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  • 1 month later...
In relation to Clampett's suggestion to "aim your hands" four inches in front of the ball, I think this is a good suggestion that might work for some people.

But for many (most?) people that are trying to improve their impact position, the problem will be deeper.

Many people don't make the proper move during their transition down. They don't move their hips laterally from the top of the swing, which sets them forward of their position at the top, but still closed relative to the target line; from there, the proper move is to progressively and simultaneously rotate, and laterally slide, the hips into and (for the rotary motion) through impact. If you don't have this move, no amount of aiming "ahead of the ball" will help because your hands will be too far behind the ball to catch up before impact.
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Initially I liked the aiming point point concept but now I realize it to be a crutch for lack of weight transfer, pure manipulation, prone to inconsistency. If you generate enough live tension through upper/lower body separation during transition, most of the lateral shift will have occurred by the end of the backswing . Putting you in position to hit well before the downswing sequence is even half completed with a swing bottom 4" in front of the ball.
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Initially I liked the aiming point point concept but now I realize it to be a crutch for lack of weight transfer, pure manipulation, prone to inconsistency.

No, it's not a crutch, and the aiming point concept has little to do with weight transfer. I can't expound on it too much - you can read The Golfing Machine if you want to read more about aiming point concepts (6-E-2), but suffice to say you're way, way off base.

I'd quote 6-E-2 but you really have to know what I'd be quoting to get anything out of it, so...
If you generate enough live tension through upper/lower body separation during transition, most of the lateral shift will have occurred

That doesn't make any sense. Your lateral shift occurs from the end of the backswing on through to impact or just a bit beyond. Hogan did it. Good players now do it. Their lateral shift has not "[mostly] occurred by the end of the backswing."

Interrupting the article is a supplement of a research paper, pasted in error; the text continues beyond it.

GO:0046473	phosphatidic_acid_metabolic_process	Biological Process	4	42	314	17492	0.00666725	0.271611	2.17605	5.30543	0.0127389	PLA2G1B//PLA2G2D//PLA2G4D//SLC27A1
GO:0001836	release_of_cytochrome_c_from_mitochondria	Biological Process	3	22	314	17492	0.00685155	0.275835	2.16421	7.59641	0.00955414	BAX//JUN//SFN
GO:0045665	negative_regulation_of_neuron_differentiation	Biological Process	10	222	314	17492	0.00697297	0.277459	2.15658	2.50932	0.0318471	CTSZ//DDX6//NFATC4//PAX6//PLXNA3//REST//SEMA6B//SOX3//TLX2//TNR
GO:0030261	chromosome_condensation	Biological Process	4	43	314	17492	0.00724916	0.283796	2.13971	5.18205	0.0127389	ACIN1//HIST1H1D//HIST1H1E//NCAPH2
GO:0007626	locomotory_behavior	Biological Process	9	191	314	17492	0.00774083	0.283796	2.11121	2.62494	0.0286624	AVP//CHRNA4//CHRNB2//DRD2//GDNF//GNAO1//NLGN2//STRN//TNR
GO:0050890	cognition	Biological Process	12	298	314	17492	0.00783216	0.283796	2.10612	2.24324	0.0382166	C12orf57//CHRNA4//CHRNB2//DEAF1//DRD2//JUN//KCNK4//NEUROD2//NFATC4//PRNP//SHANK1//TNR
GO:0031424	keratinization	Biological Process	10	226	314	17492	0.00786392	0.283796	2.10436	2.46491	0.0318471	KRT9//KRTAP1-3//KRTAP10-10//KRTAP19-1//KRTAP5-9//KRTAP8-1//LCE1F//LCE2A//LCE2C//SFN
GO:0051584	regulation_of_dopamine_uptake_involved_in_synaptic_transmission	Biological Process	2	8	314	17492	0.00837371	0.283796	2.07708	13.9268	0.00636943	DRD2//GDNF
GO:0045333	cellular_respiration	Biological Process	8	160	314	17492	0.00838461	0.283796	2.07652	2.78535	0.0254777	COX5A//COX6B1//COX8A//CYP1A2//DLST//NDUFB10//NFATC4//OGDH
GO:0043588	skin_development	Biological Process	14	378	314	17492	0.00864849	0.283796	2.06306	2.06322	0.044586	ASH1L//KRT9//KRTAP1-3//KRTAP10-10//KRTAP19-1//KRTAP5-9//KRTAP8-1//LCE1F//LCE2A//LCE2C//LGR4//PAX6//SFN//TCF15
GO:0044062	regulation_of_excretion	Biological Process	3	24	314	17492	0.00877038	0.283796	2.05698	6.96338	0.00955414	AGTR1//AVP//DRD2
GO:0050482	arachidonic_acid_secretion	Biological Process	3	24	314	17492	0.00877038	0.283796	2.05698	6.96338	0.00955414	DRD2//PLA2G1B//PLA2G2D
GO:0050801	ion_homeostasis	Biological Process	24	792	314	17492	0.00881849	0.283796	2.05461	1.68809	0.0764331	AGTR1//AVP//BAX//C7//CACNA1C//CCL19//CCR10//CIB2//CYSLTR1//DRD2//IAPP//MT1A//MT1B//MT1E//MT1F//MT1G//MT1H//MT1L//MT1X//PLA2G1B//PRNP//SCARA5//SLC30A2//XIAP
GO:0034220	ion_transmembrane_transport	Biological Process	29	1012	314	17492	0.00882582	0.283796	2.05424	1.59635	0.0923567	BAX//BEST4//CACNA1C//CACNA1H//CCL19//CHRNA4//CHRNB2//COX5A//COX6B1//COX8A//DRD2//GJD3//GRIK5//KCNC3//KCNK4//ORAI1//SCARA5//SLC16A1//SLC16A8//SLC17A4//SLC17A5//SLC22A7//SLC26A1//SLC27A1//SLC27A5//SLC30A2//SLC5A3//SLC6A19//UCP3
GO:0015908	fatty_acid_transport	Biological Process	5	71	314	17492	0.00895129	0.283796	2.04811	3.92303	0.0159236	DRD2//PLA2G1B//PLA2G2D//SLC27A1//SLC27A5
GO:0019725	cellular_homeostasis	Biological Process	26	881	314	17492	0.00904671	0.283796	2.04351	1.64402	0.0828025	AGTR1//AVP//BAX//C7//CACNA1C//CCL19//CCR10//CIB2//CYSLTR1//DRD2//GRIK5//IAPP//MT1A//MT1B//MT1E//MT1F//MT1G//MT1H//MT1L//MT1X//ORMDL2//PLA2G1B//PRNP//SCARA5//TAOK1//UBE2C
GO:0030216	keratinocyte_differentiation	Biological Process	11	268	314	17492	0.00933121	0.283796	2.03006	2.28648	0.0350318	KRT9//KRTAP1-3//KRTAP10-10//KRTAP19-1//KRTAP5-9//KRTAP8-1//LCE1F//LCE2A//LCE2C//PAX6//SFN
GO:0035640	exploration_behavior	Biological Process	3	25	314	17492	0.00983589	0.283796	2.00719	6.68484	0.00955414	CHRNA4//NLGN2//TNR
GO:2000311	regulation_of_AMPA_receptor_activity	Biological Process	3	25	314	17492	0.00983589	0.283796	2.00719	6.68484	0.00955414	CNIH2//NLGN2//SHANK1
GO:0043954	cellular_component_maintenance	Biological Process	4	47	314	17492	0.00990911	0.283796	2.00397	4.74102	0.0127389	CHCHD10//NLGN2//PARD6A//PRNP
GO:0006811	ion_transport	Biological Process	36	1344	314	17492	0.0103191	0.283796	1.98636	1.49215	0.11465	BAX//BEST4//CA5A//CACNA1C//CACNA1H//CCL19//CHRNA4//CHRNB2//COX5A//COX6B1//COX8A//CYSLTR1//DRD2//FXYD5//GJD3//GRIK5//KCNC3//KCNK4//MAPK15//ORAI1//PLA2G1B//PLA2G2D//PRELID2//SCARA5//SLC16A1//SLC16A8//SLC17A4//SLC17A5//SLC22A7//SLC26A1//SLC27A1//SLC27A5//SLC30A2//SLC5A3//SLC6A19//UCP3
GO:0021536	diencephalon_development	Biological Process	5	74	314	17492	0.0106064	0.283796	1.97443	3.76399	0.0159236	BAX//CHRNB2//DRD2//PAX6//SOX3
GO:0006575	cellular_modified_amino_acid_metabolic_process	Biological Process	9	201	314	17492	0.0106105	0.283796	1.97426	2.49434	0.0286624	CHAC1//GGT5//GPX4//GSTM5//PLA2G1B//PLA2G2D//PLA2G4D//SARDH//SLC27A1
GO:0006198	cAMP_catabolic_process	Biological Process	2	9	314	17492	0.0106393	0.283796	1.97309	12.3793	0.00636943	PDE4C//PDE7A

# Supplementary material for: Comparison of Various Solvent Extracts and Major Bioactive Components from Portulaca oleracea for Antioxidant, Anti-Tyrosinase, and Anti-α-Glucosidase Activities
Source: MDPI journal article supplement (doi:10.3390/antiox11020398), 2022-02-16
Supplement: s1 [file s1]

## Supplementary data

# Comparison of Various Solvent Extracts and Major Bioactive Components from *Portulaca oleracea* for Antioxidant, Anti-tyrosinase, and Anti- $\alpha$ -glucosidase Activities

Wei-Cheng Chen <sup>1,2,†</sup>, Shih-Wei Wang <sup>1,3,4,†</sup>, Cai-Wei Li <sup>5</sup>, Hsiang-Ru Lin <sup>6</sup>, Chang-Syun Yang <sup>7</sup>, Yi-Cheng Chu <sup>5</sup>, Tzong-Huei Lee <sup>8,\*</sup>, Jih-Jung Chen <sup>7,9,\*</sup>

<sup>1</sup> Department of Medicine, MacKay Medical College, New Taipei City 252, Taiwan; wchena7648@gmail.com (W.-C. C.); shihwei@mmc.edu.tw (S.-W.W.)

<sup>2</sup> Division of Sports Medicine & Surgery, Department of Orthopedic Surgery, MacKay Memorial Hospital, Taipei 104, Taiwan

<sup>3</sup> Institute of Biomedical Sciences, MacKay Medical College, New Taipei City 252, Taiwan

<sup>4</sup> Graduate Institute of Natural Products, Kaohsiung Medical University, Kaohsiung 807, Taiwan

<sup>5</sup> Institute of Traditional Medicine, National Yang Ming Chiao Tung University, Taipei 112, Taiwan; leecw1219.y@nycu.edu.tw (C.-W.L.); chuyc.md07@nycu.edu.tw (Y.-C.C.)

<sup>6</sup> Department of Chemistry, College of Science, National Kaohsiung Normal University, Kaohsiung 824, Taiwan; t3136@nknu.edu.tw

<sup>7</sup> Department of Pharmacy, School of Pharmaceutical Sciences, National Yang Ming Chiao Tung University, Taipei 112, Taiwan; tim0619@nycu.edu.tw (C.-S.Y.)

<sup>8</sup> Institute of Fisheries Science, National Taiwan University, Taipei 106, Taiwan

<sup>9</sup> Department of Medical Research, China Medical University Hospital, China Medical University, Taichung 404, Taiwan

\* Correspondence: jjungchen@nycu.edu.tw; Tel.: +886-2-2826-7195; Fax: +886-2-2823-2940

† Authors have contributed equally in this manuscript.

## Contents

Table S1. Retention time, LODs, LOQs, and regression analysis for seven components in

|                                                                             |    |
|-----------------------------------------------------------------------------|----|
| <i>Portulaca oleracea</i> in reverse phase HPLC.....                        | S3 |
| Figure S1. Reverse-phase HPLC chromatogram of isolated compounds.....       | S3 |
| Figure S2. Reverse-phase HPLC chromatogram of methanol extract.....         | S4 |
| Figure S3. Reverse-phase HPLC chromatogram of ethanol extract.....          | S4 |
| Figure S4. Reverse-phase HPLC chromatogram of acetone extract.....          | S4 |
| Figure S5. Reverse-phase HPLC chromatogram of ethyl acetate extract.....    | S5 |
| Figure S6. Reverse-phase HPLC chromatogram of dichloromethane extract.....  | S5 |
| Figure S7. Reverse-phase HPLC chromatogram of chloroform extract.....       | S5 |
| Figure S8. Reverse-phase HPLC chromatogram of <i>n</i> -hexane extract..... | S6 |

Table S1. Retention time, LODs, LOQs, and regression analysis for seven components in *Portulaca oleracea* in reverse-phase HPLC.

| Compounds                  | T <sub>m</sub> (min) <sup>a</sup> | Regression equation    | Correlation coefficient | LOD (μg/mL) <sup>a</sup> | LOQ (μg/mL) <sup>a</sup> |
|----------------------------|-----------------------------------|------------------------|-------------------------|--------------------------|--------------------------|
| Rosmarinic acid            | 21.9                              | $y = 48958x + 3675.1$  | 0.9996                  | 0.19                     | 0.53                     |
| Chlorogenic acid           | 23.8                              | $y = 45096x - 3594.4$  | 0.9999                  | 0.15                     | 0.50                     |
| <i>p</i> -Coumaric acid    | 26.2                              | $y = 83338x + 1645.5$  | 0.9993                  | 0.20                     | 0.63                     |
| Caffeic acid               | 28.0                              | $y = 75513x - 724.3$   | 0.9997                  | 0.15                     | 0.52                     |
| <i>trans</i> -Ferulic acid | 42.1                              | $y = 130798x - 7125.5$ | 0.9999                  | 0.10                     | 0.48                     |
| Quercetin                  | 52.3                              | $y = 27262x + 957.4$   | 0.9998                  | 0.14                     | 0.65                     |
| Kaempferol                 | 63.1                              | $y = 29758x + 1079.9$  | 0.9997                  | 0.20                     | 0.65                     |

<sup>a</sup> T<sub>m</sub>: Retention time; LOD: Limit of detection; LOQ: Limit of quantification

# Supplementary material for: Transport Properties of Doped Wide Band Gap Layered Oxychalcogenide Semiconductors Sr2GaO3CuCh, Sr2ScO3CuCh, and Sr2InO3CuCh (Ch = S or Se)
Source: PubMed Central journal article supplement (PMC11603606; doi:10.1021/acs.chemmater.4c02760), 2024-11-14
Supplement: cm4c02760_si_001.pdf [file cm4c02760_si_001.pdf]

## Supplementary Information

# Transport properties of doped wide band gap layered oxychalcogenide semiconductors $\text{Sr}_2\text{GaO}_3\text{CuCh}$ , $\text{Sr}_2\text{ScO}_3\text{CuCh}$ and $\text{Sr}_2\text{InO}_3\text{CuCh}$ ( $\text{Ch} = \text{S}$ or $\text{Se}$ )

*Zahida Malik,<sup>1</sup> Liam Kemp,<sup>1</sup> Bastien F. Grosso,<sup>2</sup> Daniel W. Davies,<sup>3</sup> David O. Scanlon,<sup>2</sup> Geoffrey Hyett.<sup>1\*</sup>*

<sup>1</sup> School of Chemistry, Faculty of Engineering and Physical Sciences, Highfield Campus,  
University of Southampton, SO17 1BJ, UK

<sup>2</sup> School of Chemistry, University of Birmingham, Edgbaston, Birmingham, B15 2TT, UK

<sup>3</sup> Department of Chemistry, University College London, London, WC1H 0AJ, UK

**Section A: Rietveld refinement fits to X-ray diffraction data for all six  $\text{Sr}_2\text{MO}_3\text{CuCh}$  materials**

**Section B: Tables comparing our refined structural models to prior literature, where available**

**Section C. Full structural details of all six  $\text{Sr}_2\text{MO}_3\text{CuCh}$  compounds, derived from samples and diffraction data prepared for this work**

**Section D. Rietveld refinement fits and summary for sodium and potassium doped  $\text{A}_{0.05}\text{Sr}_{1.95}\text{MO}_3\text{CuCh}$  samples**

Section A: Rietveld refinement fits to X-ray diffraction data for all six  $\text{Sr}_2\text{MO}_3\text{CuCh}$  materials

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Initially I liked the aiming point point concept but now I realize it to be a crutch for lack of weight transfer, pure manipulation, prone to inconsistency. If you generate enough live tension through upper/lower body separation during transition, most of the lateral shift will have occurred

In a word, no. I've gotta ask, tm - do you fancy yourself to be an armchair coach or something? You're a 10 handicap.

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The aiming point concept is something I've had success with. I don't like the idea to not look at the ball, so I rather mentally focus on the follow through of my swing. By focusing on the ball, I'm prone to release the club at the ball. Looking at the ball while focusing on the follow through helps me not cast the club away as much.

The difference in feeling is not mistakable, it's like the clubhead is just passing through the ball. Ultimately, my goal is to have that feeling on every shot, working with focus ahead of the ball may help me get there.
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I agree with what Zeph said. This winter I practiced in my basement using an old door mat. I focused on hitting the mat after the spot I marked on the mat (which would represent the ball). So the few times I made it out to the range this winter, I found that I was not so focused on hitting the ball, but rather swinging through to the spot just beyond the ball.

I'm pretty new to golf, so my swing is not consistent enough to do this every time, but I am getting better and hope to make some progress this summer.
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Aiming point is a position. TGM covers all swing methods so of course it includes the aiming point concept.

Dynamics make positions not the other way around. IMO trying to achieve a position via manipulation only leads to inconsistency. Dynamics are much more reproducible. I would focus on discovering a dynamic that results in the proper swing bottom commonly accepted as being 4" in front of the ball.
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Aiming point is a position.

No it's not. It's a point on the ground that you're supposed to "dynamically" move your hands to.

Besides, you've changed your story - you called it a "weight shift crutch" before when it really has nothing to do with the weight shift. Plus you've yet to answer my question: why do you keep profession to know things when you're listed as a 10.3 and so often get things wrong?
Dynamics make positions not the other way around.

See, that implies to me that you don't understand the aiming point. It's not a "position" in the golf swing at all. It's something you aim at with dynamics.

I would focus on discovering a dynamic that results in the proper swing bottom commonly accepted as being 4" in front of the ball.

Have you even read the book being discussed? No? Didn't think so.

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  • 3 weeks later...
Good read. Some parts are confusing where better wording would make it more understandable possibly supplemented with more examples and pictures. Overall I would recommend this book to fellow golf enthusiasts.
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Has anyone seen the new Clampett Sybervision Impact Zone DVD? Sounds like some good video would address some of the book's shortcomings.

But at $250, it had better be good. Any views would be appreciated.